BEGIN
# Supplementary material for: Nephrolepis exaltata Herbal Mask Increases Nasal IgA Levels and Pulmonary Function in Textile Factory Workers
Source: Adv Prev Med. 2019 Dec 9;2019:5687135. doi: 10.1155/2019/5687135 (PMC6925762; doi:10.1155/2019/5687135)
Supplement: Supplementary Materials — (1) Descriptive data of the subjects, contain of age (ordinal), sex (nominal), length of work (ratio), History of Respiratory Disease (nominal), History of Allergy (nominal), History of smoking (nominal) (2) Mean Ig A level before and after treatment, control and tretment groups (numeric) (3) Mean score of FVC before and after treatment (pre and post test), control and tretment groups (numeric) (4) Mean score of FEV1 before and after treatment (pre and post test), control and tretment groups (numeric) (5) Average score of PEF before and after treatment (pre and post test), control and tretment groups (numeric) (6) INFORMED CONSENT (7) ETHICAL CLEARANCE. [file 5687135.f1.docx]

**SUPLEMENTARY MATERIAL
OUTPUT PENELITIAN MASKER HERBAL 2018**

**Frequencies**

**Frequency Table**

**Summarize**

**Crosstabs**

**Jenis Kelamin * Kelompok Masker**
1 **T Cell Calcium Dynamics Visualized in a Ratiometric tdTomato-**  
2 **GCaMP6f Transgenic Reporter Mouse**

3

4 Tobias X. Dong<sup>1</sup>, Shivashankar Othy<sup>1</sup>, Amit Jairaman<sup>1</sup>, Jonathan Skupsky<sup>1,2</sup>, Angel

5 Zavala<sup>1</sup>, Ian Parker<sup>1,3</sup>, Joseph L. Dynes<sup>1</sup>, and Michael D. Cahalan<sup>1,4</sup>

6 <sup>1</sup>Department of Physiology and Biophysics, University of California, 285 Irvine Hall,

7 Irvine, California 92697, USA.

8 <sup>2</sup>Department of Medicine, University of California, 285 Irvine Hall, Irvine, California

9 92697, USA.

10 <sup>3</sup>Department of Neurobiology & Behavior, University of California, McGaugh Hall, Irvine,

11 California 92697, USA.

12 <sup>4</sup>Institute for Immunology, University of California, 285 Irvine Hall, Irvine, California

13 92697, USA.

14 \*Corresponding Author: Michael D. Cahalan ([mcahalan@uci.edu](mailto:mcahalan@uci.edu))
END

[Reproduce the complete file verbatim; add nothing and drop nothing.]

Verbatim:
# Supplementary material for: Nephrolepis exaltata Herbal Mask Increases Nasal IgA Levels and Pulmonary Function in Textile Factory Workers
Source: Adv Prev Med. 2019 Dec 9;2019:5687135. doi: 10.1155/2019/5687135 (PMC6925762; doi:10.1155/2019/5687135)
Supplement: Supplementary Materials — (1) Descriptive data of the subjects, contain of age (ordinal), sex (nominal), length of work (ratio), History of Respiratory Disease (nominal), History of Allergy (nominal), History of smoking (nominal) (2) Mean Ig A level before and after treatment, control and tretment groups (numeric) (3) Mean score of FVC before and after treatment (pre and post test), control and tretment groups (numeric) (4) Mean score of FEV1 before and after treatment (pre and post test), control and tretment groups (numeric) (5) Average score of PEF before and after treatment (pre and post test), control and tretment groups (numeric) (6) INFORMED CONSENT (7) ETHICAL CLEARANCE. [file 5687135.f1.docx]

**SUPLEMENTARY MATERIAL
OUTPUT PENELITIAN MASKER HERBAL 2018**

**Frequencies**

**Frequency Table**

**Summarize**

**Crosstabs**

**Jenis Kelamin * Kelompok Masker**
1 **T Cell Calcium Dynamics Visualized in a Ratiometric tdTomato-**  
2 **GCaMP6f Transgenic Reporter Mouse**

3

4 Tobias X. Dong<sup>1</sup>, Shivashankar Othy<sup>1</sup>, Amit Jairaman<sup>1</sup>, Jonathan Skupsky<sup>1,2</sup>, Angel

5 Zavala<sup>1</sup>, Ian Parker<sup>1,3</sup>, Joseph L. Dynes<sup>1</sup>, and Michael D. Cahalan<sup>1,4</sup>

6 <sup>1</sup>Department of Physiology and Biophysics, University of California, 285 Irvine Hall,

7 Irvine, California 92697, USA.

8 <sup>2</sup>Department of Medicine, University of California, 285 Irvine Hall, Irvine, California

9 92697, USA.

10 <sup>3</sup>Department of Neurobiology & Behavior, University of California, McGaugh Hall, Irvine,

11 California 92697, USA.

12 <sup>4</sup>Institute for Immunology, University of California, 285 Irvine Hall, Irvine, California

13 92697, USA.

14 \*Corresponding Author: Michael D. Cahalan ([mcahalan@uci.edu](mailto:mcahalan@uci.edu))